THE ENERGY department doesn’t deny this, but it’s obvious that its more pressing concern at the moment is saving pesos for the government rather than saving the planet. Indeed, the government hasn’t given up on its oil and gas explorations just yet, even as it tests the viability of auto-LPG for taxis and biofuels like bioethanol and biodiesel for other vehicles. Natural gas is also being tapped for public buses. Still, according to Marasigan, the government is also looking into solar, hydropower, wind, and geothermal resources.

Which is just as well, since the alternative-fuels program is not exactly going at race-car speed (although it is still progressing at a pace faster than a Senate hearing). One major challenge in developing biofuels has been enlisting the support of private investors, says Marasigan. He says that while the new biofuels law offers investors incentives such as zero specific tax, exemption from the value-added tax, and assistance from government financial institutions, “it doesn’t mean that this will be enough for them to invest in the country.”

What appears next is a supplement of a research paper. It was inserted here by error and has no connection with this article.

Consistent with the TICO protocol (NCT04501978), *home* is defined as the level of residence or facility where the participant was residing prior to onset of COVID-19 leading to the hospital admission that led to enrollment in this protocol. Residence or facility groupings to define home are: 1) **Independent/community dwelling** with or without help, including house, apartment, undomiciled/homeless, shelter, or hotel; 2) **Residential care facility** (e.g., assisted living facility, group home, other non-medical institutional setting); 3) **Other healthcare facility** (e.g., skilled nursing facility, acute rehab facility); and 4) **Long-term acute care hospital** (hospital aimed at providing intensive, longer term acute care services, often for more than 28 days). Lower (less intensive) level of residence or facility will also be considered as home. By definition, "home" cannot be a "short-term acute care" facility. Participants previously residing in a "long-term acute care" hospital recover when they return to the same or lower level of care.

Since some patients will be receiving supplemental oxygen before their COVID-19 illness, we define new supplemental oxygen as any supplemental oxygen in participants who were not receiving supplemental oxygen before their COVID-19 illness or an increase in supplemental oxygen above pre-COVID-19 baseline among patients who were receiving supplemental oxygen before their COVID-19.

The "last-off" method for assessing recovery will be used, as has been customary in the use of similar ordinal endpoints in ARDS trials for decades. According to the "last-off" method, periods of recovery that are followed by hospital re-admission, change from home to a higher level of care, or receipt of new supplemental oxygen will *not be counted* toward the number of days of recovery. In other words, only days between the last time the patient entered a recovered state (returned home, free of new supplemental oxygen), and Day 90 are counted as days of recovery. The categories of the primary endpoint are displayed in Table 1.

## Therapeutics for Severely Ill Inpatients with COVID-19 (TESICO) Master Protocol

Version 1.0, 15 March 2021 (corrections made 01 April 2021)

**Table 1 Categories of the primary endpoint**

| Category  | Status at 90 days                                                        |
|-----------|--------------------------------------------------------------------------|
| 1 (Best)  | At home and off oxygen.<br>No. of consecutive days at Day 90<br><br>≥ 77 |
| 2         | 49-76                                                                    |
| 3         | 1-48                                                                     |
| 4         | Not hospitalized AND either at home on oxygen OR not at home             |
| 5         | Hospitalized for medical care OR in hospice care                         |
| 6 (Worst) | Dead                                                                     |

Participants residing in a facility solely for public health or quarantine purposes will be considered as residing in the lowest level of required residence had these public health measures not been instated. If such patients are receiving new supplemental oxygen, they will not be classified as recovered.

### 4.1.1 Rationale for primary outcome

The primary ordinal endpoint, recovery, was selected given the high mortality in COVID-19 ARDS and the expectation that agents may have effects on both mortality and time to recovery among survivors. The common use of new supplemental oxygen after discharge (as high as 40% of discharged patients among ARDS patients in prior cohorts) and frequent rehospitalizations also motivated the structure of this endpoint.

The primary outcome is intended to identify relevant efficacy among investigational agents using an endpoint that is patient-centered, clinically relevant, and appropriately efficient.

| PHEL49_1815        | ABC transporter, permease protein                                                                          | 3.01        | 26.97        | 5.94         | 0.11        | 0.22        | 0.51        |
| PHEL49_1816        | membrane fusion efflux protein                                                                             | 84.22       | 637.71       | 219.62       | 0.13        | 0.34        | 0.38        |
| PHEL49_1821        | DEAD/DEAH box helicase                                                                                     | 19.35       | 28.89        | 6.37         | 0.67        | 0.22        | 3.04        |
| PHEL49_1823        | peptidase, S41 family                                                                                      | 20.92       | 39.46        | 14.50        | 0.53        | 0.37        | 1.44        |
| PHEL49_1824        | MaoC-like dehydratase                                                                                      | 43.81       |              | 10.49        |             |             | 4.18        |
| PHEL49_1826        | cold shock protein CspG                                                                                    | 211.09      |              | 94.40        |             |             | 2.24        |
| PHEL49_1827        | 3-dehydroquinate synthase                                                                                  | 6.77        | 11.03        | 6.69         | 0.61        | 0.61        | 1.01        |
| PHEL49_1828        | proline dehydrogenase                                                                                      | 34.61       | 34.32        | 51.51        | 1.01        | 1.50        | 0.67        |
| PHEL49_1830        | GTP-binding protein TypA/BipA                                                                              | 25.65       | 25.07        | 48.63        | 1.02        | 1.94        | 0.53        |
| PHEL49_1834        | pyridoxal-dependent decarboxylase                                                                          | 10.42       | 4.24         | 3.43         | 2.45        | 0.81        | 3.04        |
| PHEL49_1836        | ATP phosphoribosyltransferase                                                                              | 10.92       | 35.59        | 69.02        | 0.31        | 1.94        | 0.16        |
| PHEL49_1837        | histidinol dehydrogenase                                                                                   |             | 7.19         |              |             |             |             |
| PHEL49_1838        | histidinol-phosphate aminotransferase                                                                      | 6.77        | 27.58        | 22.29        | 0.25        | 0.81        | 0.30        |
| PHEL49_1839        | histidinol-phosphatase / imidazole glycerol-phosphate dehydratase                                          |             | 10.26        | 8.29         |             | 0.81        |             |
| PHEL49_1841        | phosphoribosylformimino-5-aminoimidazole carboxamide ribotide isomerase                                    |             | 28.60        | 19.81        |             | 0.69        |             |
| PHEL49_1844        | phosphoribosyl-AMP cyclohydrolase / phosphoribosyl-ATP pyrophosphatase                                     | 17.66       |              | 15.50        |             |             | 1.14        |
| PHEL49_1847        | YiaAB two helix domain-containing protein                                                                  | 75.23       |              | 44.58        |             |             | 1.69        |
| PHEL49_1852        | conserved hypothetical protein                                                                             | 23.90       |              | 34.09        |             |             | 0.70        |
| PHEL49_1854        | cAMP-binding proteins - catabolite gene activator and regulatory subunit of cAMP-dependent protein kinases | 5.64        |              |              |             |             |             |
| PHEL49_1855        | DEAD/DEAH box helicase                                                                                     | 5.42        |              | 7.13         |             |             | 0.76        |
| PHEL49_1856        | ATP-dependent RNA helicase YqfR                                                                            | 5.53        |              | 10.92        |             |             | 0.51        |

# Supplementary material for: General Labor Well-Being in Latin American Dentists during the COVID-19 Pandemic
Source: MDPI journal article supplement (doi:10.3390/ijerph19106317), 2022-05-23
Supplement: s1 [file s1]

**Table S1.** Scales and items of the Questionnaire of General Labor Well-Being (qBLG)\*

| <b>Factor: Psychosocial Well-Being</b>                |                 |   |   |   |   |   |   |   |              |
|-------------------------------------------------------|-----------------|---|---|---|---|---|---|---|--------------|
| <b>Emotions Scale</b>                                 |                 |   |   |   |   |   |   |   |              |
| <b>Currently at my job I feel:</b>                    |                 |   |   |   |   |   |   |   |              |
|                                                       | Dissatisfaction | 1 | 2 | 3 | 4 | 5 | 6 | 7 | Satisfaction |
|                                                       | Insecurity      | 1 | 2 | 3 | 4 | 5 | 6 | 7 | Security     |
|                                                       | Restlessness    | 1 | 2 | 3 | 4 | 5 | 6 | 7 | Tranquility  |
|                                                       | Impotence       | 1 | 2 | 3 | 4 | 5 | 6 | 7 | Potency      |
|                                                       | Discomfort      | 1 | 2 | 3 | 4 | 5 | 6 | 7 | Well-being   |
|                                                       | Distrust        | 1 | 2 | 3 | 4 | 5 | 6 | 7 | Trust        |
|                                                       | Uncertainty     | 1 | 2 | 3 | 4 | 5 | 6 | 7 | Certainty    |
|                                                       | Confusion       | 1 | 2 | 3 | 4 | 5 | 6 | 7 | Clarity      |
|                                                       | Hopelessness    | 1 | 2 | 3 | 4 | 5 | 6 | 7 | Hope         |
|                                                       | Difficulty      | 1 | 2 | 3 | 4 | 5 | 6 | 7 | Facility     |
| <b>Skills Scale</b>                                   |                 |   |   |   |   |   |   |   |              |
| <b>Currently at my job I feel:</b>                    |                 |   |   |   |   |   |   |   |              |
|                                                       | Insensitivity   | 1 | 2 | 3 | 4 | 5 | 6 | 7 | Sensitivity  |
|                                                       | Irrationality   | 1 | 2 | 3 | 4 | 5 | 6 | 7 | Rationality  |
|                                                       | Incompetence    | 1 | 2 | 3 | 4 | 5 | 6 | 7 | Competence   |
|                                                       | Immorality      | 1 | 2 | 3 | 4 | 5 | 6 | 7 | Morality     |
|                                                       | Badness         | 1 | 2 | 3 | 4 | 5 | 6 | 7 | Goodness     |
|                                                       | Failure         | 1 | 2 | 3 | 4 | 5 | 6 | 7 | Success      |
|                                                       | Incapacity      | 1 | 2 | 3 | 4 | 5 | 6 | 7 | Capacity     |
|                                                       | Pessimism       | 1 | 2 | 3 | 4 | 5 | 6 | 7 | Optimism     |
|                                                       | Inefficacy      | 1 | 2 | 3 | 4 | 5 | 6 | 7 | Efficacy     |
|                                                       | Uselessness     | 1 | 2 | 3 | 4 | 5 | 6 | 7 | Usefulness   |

Developing feedstock for the biofuels is another nagging worry, with questions about land use only complicating matters. Ironically, the one potential feedstock that seems to be attracting interest from investors also has some experts hollering caution.

Jatropha, a wild fruit bush, has been around for centuries but is not native to the Philippines. Its seeds are poisonous, but these also yield oil that can be used in diesel engines. The government is still trying to determine which variety would work best on local soil, but that has not stopped one of its corporations from entering into multibillion-peso agreements involving jatropha.